Anglo-Mysore Wars

Also found in: Wikipedia.
The following article is from The Great Soviet Encyclopedia (1979). It might be outdated or ideologically biased.

Anglo-Mysore Wars


waged in the last four decades of the 18th century by the British East India Company to conquer the principality of Mysore (India).

The first Anglo-Mysore War (1767–69) began with an invasion of Mysore by the troops of the company and its protege Nawab of Karnata. The Mysore army was led by their ruler, Haidar Ali, who successfully took the English army from the rear. By the peace treaty of Madras (1769) both parties renounced the territories they had conquered from each other and concluded a defensive alliance.

In the second Anglo-Mysore War (1780–84), Mysore was allied with Hyderabad and the Maratha. From 1782, after the death of Haidar Ali, the Mysore army was led by his son, Tipu Sultan. The successes of Tipu Sultan, who had been aided by the French, came to nothing because of the betrayal of his allies and the conclusion of the Treaty of Versailles (1783) between England and France. By the peace treaty of Mangalore, the enemies returned the lands and prisoners they had captured.

In the third Anglo-Mysore War (1790–92), the English succeeded in drawing the troops of the Maratha and of Hyderabad into the battle against Mysore. However, the situation of the British troops was so serious that in 1791 Governor-General Cornwallis came from Bengali to lead them. He managed to mobilize all the English forces and move them on Seringapatam, the capital of Mysore. Tipu Sultan was forced to sign the Seringapatam peace treaty of 1792 and surrender almost half his principality to the allies as well as paying an indemnity. In the fourth Anglo-Mysore War (1799), Seringapatam was taken by storm and Tipu Sultan killed. Mysore was turned into a vassal principality of the company.


Antonova, K. A. Angliiskoe zavoevanie Indii v XVIII veke. Moscow, 1958.
Khan, M. H. History of Tipu Sultan. Calcutta, 1951.


The Great Soviet Encyclopedia, 3rd Edition (1970-1979). © 2010 The Gale Group, Inc. All rights reserved.
References in periodicals archive ?
He deployed the rockets against advances of British forces and their allies during the Anglo-Mysore Wars, including the Battle of Pollilur and Siege of Seringapatam.
During the Anglo-Mysore wars of the late 1700s, Mysorean rockets were used by Tipu to great effect.
The powerful ruler was killed in the fourth Anglo-Mysore war in 1799 after a string of victories in battle against the British East India Company.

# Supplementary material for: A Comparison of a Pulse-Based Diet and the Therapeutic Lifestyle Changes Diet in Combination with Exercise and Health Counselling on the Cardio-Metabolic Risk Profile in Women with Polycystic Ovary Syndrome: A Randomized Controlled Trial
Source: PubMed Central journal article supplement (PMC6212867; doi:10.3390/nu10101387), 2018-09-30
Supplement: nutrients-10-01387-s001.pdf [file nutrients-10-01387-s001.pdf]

The Hindu fundamentalists in general believe that Tipu (1750-1799), who, in his rather short life waged three of the four Anglo-Mysore wars in the last three decades of 18th century is a secular man rather kindly disposed to the Hindus.
He deployed rockets against advances of the British forces and their allies during the Anglo-Mysore Wars. The rockets used during the Battle of Pollilur in 1780 and Siege of Seringapatam in 1799 were said to be more advanced than the British had previously seen.
Tipu fought three wars with the British: the second, third and fourth Anglo-Mysore wars. The second and third, he won.
The Congress government of Karnataka had started celebrating Tipu Sultan's birth anniversary in 2015 terming the 18th century ruler of Mysore a freedom fighter, who was killed in the 4th Anglo-Mysore war. The BJP, RSS and others, however, call him a brutal king who persecuted Hindus and Christians in large numbers, especially those who refused to convert to Islam.
The Anglo-Mysore Wars were fought over a period of more than a quarter of a century (1767-99).
None of these works, however, give us a coherent picture of the Anglo-French naval rivalry's overall significance upon the Anglo-Mysore Wars. More important, they do not make any attempt to investigate why and how the land campaign forced the British to rely so heavily upon naval power.
Sea power played a decisive role in the Anglo-Mysore Wars because it was instrumental in enabling the British ground forces to maintain their presence in the field against the Mysorean army.
However, Marshall offers no analysis of the remarkable connections and contrasts between the American War and the Anglo-Mysore Wars. The nature and the conduct of these two wars did play a pivotal role in determining the success or failure of ongoing efforts at British imperial consolidation.
The Anglo-Mysore wars lasted until 1799, costing many thousands of lives and leaving the British in control of most of the southern subcontinent.